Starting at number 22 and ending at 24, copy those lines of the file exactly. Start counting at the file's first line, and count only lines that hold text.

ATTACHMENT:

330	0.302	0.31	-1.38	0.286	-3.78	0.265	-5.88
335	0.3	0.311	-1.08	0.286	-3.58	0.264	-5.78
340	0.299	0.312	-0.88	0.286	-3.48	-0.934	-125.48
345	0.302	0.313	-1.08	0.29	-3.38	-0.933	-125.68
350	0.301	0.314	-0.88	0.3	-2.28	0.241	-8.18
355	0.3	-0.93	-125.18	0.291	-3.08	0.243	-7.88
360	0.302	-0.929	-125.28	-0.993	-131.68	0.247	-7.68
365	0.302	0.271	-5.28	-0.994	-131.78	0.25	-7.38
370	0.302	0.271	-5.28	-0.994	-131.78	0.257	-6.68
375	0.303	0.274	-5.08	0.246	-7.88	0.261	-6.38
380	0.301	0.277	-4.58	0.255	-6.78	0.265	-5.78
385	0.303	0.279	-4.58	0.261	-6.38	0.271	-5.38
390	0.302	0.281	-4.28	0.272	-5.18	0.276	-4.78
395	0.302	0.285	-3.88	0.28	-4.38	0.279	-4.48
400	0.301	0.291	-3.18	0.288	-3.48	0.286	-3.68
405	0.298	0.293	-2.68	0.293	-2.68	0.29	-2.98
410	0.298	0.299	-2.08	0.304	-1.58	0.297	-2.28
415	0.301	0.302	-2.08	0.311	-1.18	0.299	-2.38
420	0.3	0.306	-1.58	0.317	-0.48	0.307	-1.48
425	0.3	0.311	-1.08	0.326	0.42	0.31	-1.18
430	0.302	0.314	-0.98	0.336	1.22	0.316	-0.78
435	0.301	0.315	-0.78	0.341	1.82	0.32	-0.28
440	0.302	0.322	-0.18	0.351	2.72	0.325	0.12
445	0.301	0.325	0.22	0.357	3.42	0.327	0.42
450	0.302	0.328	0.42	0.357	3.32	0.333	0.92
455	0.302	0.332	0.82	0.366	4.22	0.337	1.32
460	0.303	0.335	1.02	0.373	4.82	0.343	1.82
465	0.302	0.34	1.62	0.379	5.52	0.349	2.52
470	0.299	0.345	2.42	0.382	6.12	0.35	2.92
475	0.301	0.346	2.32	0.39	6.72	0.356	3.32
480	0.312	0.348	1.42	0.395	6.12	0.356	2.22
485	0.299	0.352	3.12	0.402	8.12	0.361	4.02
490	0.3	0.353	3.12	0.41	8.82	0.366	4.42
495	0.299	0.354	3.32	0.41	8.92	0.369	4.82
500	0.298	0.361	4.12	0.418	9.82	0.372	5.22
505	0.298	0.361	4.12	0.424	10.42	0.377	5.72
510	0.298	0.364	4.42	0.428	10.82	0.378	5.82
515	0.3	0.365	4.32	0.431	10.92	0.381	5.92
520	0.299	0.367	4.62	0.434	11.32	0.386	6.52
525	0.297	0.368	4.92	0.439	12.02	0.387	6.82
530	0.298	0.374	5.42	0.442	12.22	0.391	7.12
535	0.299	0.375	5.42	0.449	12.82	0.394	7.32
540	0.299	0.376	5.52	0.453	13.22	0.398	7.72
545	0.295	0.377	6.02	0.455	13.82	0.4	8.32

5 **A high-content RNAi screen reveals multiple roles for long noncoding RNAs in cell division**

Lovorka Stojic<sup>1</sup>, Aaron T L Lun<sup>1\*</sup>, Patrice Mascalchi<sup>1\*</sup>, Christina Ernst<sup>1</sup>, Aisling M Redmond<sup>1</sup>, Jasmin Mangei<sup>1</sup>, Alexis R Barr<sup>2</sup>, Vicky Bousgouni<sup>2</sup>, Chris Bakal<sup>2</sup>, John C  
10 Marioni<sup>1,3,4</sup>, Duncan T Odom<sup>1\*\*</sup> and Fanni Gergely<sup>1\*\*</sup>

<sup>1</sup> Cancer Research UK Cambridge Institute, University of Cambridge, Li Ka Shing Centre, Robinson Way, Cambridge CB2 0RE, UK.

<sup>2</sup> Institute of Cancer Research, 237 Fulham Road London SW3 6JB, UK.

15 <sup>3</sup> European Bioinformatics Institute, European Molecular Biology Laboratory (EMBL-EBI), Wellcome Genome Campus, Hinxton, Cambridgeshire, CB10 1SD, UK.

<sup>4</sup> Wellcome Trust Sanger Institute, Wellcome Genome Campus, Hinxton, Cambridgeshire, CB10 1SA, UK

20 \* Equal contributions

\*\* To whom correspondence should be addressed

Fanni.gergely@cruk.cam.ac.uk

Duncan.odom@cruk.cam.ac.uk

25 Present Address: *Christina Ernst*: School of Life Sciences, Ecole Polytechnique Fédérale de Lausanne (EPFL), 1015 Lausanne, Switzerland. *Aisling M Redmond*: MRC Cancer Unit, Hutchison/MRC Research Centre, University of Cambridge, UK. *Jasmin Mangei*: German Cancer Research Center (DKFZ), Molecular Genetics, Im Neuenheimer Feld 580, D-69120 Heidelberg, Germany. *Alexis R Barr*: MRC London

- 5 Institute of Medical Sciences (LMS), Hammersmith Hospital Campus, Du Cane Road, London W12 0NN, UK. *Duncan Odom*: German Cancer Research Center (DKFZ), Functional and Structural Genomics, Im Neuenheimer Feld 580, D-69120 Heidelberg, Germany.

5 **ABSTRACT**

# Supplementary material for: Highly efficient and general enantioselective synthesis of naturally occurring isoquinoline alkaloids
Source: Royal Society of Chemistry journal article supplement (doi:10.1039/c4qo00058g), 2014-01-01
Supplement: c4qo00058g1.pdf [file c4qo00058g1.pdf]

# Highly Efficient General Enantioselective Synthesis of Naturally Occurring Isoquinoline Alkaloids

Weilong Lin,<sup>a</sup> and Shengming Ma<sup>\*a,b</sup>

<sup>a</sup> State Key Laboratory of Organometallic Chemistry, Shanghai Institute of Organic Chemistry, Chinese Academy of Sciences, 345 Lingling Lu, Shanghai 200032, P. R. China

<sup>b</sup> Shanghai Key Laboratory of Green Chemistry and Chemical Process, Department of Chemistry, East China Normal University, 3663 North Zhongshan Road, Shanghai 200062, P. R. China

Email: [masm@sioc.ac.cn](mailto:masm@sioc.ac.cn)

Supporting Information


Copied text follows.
435	0.301	0.315	-0.78	0.341	1.82	0.32	-0.28
440	0.302	0.322	-0.18	0.351	2.72	0.325	0.12
445	0.301	0.325	0.22	0.357	3.42	0.327	0.42